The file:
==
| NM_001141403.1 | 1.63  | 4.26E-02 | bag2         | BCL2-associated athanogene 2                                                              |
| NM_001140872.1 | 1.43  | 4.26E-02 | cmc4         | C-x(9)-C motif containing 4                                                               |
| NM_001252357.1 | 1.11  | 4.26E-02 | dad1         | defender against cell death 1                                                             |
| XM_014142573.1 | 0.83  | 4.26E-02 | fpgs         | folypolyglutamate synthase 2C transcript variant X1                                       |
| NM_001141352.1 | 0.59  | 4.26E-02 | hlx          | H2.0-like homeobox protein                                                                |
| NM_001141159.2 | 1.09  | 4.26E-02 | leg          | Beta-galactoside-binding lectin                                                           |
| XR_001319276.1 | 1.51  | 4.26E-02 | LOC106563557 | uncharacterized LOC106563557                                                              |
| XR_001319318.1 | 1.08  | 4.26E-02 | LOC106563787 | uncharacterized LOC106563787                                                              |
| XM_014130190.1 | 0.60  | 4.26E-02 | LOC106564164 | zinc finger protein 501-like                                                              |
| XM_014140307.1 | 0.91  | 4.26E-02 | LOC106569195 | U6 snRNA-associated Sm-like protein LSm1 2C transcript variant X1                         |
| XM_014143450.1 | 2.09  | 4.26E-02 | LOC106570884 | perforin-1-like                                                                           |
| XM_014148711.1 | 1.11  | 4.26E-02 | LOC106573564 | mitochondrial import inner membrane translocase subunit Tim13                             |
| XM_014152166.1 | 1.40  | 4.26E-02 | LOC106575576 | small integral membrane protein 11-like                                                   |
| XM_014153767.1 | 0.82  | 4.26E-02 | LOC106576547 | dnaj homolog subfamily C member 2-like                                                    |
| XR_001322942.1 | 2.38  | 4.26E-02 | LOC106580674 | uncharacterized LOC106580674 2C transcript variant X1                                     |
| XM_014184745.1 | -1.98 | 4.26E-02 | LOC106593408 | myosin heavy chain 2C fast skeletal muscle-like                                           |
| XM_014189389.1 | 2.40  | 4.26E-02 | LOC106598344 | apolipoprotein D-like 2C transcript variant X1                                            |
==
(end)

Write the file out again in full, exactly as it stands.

| NM_001141403.1 | 1.63  | 4.26E-02 | bag2         | BCL2-associated athanogene 2                                                              |
| NM_001140872.1 | 1.43  | 4.26E-02 | cmc4         | C-x(9)-C motif containing 4                                                               |
| NM_001252357.1 | 1.11  | 4.26E-02 | dad1         | defender against cell death 1                                                             |
| XM_014142573.1 | 0.83  | 4.26E-02 | fpgs         | folypolyglutamate synthase 2C transcript variant X1                                       |
| NM_001141352.1 | 0.59  | 4.26E-02 | hlx          | H2.0-like homeobox protein                                                                |
| NM_001141159.2 | 1.09  | 4.26E-02 | leg          | Beta-galactoside-binding lectin                                                           |
| XR_001319276.1 | 1.51  | 4.26E-02 | LOC106563557 | uncharacterized LOC106563557                                                              |
| XR_001319318.1 | 1.08  | 4.26E-02 | LOC106563787 | uncharacterized LOC106563787                                                              |
| XM_014130190.1 | 0.60  | 4.26E-02 | LOC106564164 | zinc finger protein 501-like                                                              |
| XM_014140307.1 | 0.91  | 4.26E-02 | LOC106569195 | U6 snRNA-associated Sm-like protein LSm1 2C transcript variant X1                         |
| XM_014143450.1 | 2.09  | 4.26E-02 | LOC106570884 | perforin-1-like                                                                           |
| XM_014148711.1 | 1.11  | 4.26E-02 | LOC106573564 | mitochondrial import inner membrane translocase subunit Tim13                             |
| XM_014152166.1 | 1.40  | 4.26E-02 | LOC106575576 | small integral membrane protein 11-like                                                   |
| XM_014153767.1 | 0.82  | 4.26E-02 | LOC106576547 | dnaj homolog subfamily C member 2-like                                                    |
| XR_001322942.1 | 2.38  | 4.26E-02 | LOC106580674 | uncharacterized LOC106580674 2C transcript variant X1                                     |
| XM_014184745.1 | -1.98 | 4.26E-02 | LOC106593408 | myosin heavy chain 2C fast skeletal muscle-like                                           |
| XM_014189389.1 | 2.40  | 4.26E-02 | LOC106598344 | apolipoprotein D-like 2C transcript variant X1                                            |